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Volume 10 - Opinions of Counsel SBRPS No. 99

Opinions of Counsel index

Senior citizens exemption (income requirement) (nursing home expenses-extent of allowable deduction) - Real Property Tax Law, § 467:

As a general rule, only the income of the person confined in the nursing home may be deducted in determining income eligibility for purposes of the senior citizens exemption. Where, however, the municipality has adopted the medical cost deduction option, amounts paid by the confined person’s spouse for such nursing home care, if not reimbursed by insurance, may be deducted from income.

Our opinion has been requested concerning the senior citizens exemption (Real Property Tax Law, §467). The facts are that a husband and wife have a combined income of $28,900. The wife, however, has now been confined to a nursing home at an annual cost of some $15,000. The wife’s sole income is social security of $8,000. The question is whether the balance of the nursing home costs may be deducted from the husband’s income in determining income eligibility for the exemption.

The income test of eligibility for the exemption, as set forth in section 467(3)(a), is quite inclusive (see, Engle v. Talarico, 33 N.Y.2d 237, 306 N.E.2d 796, 351 N.Y.S.2d 677 (1973)). In a 1972 opinion discussing the income requirement, we noted, in part, “Expenditures for personal medical expenses are not deductible...” (2 Op.Counsel SBEA No. 65).

Subsequently, the statute was amended by chapter 440 of the Laws of 1985 to address nursing home situations, both as to residency and income. Section 467 now provides, in part:

3. No exemption shall be granted:
***
(d) unless the real property is the legal residence of and is occupied in whole or in part by the owner or by all of the owners of the property: except where, (i) an owner is absent from the residence while receiving health-related care as an inpatient of a residential health care facility, as defined in section [2801] of the public health law, provided that any income accruing to that person shall only be income only to the extent that it exceeds the amount paid by such owner, spouse, or co-owner for care in the facility, and provided further, that during such confinement such property is not occupied by other than the spouse or co-owner of such owner... (RPTL, §467(3)(d)). {1}

The sponsor’s memorandum for the bill enacted as chapter 440 states, “[B]ecause the income an institutionalized spouse or co-owner (to the extent it does not exceed the cost of institutional care) is not actually available to the spouse or co-owner remaining in the residence, it should not be counted as income in determining eligibility for exemption pursuant to section 467” (1985 NYS Legislative Annual, p.182). While the statutory language of section 467(3)(d) is not entirely clear, given the sponsor’s memorandum, it appears that this provision is intended to allow for deduction of only the confined person’s income (up to the cost of such confinement).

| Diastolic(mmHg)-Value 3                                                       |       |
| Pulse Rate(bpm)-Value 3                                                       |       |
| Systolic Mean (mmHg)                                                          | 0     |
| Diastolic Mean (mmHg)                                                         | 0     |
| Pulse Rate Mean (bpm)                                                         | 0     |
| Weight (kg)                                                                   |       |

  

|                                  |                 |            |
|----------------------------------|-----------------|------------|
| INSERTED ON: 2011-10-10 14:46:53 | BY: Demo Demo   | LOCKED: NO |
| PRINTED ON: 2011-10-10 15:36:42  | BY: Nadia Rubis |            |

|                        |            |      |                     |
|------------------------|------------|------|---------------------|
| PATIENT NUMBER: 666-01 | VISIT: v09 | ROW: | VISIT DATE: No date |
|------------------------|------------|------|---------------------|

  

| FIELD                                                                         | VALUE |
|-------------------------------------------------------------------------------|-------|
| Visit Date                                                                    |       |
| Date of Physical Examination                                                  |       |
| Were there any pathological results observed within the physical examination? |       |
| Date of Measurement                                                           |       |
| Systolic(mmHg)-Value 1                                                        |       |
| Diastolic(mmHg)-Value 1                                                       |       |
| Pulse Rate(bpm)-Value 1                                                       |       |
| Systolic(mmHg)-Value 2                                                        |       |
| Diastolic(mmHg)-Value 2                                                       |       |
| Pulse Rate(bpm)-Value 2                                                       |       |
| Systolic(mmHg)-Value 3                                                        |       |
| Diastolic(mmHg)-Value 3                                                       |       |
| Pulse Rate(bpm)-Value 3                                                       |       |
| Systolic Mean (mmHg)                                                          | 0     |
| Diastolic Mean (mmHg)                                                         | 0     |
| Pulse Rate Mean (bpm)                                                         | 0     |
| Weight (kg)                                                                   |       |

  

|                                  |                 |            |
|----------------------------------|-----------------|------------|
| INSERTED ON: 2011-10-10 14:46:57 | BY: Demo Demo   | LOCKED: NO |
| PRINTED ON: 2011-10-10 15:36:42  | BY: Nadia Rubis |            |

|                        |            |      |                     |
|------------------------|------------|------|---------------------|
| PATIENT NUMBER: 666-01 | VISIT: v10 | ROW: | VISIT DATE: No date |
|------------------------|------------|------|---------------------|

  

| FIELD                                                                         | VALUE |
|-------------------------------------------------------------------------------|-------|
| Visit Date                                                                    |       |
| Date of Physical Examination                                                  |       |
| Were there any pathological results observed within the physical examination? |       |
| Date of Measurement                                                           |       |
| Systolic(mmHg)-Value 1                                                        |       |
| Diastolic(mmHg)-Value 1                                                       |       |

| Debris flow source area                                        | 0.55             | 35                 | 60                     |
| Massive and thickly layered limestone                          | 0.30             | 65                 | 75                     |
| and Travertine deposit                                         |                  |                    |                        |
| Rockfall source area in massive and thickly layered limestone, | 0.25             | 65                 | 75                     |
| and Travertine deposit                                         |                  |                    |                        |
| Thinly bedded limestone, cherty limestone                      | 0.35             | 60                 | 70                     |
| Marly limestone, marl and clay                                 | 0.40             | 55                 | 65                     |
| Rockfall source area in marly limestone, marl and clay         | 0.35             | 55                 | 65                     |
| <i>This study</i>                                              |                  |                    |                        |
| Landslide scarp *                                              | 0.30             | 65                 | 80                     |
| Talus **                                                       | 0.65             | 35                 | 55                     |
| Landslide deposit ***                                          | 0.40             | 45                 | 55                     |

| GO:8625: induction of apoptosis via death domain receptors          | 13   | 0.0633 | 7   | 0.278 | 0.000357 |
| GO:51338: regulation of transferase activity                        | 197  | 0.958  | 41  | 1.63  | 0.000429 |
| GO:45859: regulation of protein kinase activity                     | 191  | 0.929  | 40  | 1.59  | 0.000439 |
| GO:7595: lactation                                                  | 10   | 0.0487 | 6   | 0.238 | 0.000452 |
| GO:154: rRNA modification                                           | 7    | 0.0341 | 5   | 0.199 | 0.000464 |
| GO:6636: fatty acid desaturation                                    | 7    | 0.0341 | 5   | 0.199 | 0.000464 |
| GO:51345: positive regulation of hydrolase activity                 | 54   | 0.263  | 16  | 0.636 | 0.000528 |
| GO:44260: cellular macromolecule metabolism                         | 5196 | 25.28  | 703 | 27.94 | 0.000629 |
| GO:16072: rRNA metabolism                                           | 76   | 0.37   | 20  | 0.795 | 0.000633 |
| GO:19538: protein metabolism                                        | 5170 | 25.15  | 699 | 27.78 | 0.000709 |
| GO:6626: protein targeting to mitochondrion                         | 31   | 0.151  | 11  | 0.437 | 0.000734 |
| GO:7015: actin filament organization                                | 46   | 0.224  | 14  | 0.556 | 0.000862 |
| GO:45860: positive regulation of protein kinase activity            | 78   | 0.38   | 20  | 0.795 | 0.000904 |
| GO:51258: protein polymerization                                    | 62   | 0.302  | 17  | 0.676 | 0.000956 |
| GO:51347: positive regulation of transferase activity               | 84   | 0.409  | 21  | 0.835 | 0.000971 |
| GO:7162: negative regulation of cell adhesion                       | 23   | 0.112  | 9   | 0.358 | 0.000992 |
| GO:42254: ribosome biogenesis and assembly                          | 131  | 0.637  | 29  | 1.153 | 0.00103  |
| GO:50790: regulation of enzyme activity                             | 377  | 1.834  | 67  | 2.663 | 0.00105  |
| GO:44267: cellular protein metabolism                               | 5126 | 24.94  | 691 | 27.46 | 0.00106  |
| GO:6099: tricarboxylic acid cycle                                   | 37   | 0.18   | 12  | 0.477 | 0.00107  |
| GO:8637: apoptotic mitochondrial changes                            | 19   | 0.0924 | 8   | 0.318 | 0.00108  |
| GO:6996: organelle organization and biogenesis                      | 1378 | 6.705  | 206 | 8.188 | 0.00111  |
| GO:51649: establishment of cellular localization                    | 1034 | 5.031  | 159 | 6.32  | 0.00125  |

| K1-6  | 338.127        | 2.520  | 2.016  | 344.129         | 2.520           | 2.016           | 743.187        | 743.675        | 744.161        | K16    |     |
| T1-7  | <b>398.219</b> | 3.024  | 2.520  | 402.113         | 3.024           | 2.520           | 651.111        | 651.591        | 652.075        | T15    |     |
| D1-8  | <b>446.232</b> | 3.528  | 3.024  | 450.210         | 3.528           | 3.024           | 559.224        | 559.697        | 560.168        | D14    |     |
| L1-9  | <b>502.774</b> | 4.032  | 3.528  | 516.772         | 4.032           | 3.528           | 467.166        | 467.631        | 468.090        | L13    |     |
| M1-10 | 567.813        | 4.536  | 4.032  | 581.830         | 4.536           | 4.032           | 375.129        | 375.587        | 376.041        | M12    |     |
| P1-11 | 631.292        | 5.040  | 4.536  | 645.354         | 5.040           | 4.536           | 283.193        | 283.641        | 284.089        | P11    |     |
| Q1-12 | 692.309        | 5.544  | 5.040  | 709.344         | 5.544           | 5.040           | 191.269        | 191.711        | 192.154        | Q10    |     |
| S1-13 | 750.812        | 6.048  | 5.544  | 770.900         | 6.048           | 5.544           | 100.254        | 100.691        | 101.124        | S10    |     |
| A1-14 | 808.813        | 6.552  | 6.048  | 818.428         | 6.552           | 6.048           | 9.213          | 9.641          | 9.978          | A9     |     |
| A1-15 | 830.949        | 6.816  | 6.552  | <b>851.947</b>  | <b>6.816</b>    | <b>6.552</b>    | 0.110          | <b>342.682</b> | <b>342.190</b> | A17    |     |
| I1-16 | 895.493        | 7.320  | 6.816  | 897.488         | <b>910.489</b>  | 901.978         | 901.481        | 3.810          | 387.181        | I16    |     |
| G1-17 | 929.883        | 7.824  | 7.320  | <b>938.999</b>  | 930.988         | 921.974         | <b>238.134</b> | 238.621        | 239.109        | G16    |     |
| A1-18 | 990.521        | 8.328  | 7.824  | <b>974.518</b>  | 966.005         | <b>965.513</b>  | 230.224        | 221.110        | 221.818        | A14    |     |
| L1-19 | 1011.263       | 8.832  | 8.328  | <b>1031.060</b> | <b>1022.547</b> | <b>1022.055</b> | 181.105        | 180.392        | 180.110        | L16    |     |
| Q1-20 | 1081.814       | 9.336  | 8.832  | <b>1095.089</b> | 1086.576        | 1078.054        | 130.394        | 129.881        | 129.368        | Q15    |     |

More recently, however, the statute was again amended to permit, at local option, a deduction for unreimbursed medical and prescription drug expenses (L.1996, c.313). We discussed this provision at length in 10 Op.Counsel SBRPS No. 28. We said:

Section 213 of the Internal Revenue Code (26 USCS) entitled “Medical, dental, etc., expenses,” permits, in certain circumstances, an itemized deduction for such expenses which are “not compensated for by insurance or otherwise” (26 USCS §213(a)). The term “medical care” is defined (in §213(d)(1)(A)) to include ... certain lodging costs for treatment away from home (26 USCS §213(d)(1)(B), (C), and (2)).

Examples of expenses incurred for the prevention or alleviation of a physical or mental defect or illness include ... nursing services ... (47A C.J.S. Internal Revenue §182, citing Internal Revenue Regulation 1.213-1).

As to nursing homes specifically, Internal Revenue Service Publication 502 (“Medical and Dental Expenses”) states:

You can include in medical expenses the cost of medical care in a nursing home or home for the aged for yourself, your spouse, or your dependents. This includes the cost of meals and lodging in the home if the main reason for being there is to get medical care.

Do not include the cost of meals and lodging if the reason for being in the home is personal. You can, however, include in medical expenses the part of the cost that is for medical or nursing care (Pub. 502 [For 1999 Returns], p.10; emphasis added).

Reading all of this material together, we conclude that, where the medical cost deduction option has not been adopted, only the income of the person confined in the nursing home may be deducted in determining income eligibility for section 467 purposes (in this case, only the wife’s $8,000 income). Where, however, the municipality has adopted the medical cost deduction option, (unreimbursed) amounts paid for nursing home care (along with other unreimbursed medical and prescription drug costs) may be deducted from income. (If applicable here, the husband’s $7,000 contribution toward the cost of his wife’s nursing home costs would then be deductible.)

February 11, 2000


{1}  This provision and a somewhat similar provision in the school tax relief [STAR] exemption (RPTL, §425) are discussed in 10 Op.Counsel SBRPS No. 69 (rev.).

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